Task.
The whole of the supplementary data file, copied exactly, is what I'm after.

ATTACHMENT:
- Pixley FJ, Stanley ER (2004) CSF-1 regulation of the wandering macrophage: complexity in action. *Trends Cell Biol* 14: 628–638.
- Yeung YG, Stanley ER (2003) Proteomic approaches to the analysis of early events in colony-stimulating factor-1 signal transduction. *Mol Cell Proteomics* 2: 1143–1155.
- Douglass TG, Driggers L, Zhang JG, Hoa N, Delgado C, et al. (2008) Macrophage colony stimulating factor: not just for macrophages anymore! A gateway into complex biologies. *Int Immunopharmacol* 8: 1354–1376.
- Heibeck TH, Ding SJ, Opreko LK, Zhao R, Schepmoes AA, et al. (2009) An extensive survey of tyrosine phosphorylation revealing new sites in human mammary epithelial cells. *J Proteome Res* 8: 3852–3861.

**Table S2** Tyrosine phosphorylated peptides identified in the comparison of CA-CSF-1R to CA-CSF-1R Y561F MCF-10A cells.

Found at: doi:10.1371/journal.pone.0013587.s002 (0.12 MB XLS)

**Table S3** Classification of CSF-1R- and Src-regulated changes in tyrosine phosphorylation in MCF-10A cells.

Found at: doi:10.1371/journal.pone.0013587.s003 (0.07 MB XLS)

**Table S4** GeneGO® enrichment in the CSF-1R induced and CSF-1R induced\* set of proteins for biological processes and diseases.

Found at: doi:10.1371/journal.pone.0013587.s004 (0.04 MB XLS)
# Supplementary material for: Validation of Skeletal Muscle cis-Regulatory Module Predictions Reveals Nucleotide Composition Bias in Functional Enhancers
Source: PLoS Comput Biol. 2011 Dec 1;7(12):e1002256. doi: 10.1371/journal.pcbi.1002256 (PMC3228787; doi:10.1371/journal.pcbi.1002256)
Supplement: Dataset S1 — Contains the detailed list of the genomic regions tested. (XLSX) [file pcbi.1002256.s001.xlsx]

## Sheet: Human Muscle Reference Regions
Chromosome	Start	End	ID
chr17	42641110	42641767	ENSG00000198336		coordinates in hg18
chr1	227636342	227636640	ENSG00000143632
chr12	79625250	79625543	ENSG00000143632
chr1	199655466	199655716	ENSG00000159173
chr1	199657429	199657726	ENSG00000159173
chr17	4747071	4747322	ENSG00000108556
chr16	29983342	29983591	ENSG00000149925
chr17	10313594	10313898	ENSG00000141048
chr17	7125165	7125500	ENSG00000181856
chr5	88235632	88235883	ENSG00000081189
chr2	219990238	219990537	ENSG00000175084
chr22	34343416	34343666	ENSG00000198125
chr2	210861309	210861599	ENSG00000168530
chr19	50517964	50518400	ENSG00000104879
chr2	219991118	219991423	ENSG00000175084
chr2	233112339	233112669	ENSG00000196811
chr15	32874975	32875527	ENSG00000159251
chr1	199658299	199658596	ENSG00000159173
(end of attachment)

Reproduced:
- Pixley FJ, Stanley ER (2004) CSF-1 regulation of the wandering macrophage: complexity in action. *Trends Cell Biol* 14: 628–638.
- Yeung YG, Stanley ER (2003) Proteomic approaches to the analysis of early events in colony-stimulating factor-1 signal transduction. *Mol Cell Proteomics* 2: 1143–1155.
- Douglass TG, Driggers L, Zhang JG, Hoa N, Delgado C, et al. (2008) Macrophage colony stimulating factor: not just for macrophages anymore! A gateway into complex biologies. *Int Immunopharmacol* 8: 1354–1376.
- Heibeck TH, Ding SJ, Opreko LK, Zhao R, Schepmoes AA, et al. (2009) An extensive survey of tyrosine phosphorylation revealing new sites in human mammary epithelial cells. *J Proteome Res* 8: 3852–3861.

**Table S2** Tyrosine phosphorylated peptides identified in the comparison of CA-CSF-1R to CA-CSF-1R Y561F MCF-10A cells.

Found at: doi:10.1371/journal.pone.0013587.s002 (0.12 MB XLS)

**Table S3** Classification of CSF-1R- and Src-regulated changes in tyrosine phosphorylation in MCF-10A cells.

Found at: doi:10.1371/journal.pone.0013587.s003 (0.07 MB XLS)

**Table S4** GeneGO® enrichment in the CSF-1R induced and CSF-1R induced\* set of proteins for biological processes and diseases.

Found at: doi:10.1371/journal.pone.0013587.s004 (0.04 MB XLS)
# Supplementary material for: Validation of Skeletal Muscle cis-Regulatory Module Predictions Reveals Nucleotide Composition Bias in Functional Enhancers
Source: PLoS Comput Biol. 2011 Dec 1;7(12):e1002256. doi: 10.1371/journal.pcbi.1002256 (PMC3228787; doi:10.1371/journal.pcbi.1002256)
Supplement: Dataset S1 — Contains the detailed list of the genomic regions tested. (XLSX) [file pcbi.1002256.s001.xlsx]

## Sheet: Human Muscle Reference Regions
Chromosome	Start	End	ID
chr17	42641110	42641767	ENSG00000198336		coordinates in hg18
chr1	227636342	227636640	ENSG00000143632
chr12	79625250	79625543	ENSG00000143632
chr1	199655466	199655716	ENSG00000159173
chr1	199657429	199657726	ENSG00000159173
chr17	4747071	4747322	ENSG00000108556
chr16	29983342	29983591	ENSG00000149925
chr17	10313594	10313898	ENSG00000141048
chr17	7125165	7125500	ENSG00000181856
chr5	88235632	88235883	ENSG00000081189
chr2	219990238	219990537	ENSG00000175084
chr22	34343416	34343666	ENSG00000198125
chr2	210861309	210861599	ENSG00000168530
chr19	50517964	50518400	ENSG00000104879
chr2	219991118	219991423	ENSG00000175084
chr2	233112339	233112669	ENSG00000196811
chr15	32874975	32875527	ENSG00000159251
chr1	199658299	199658596	ENSG00000159173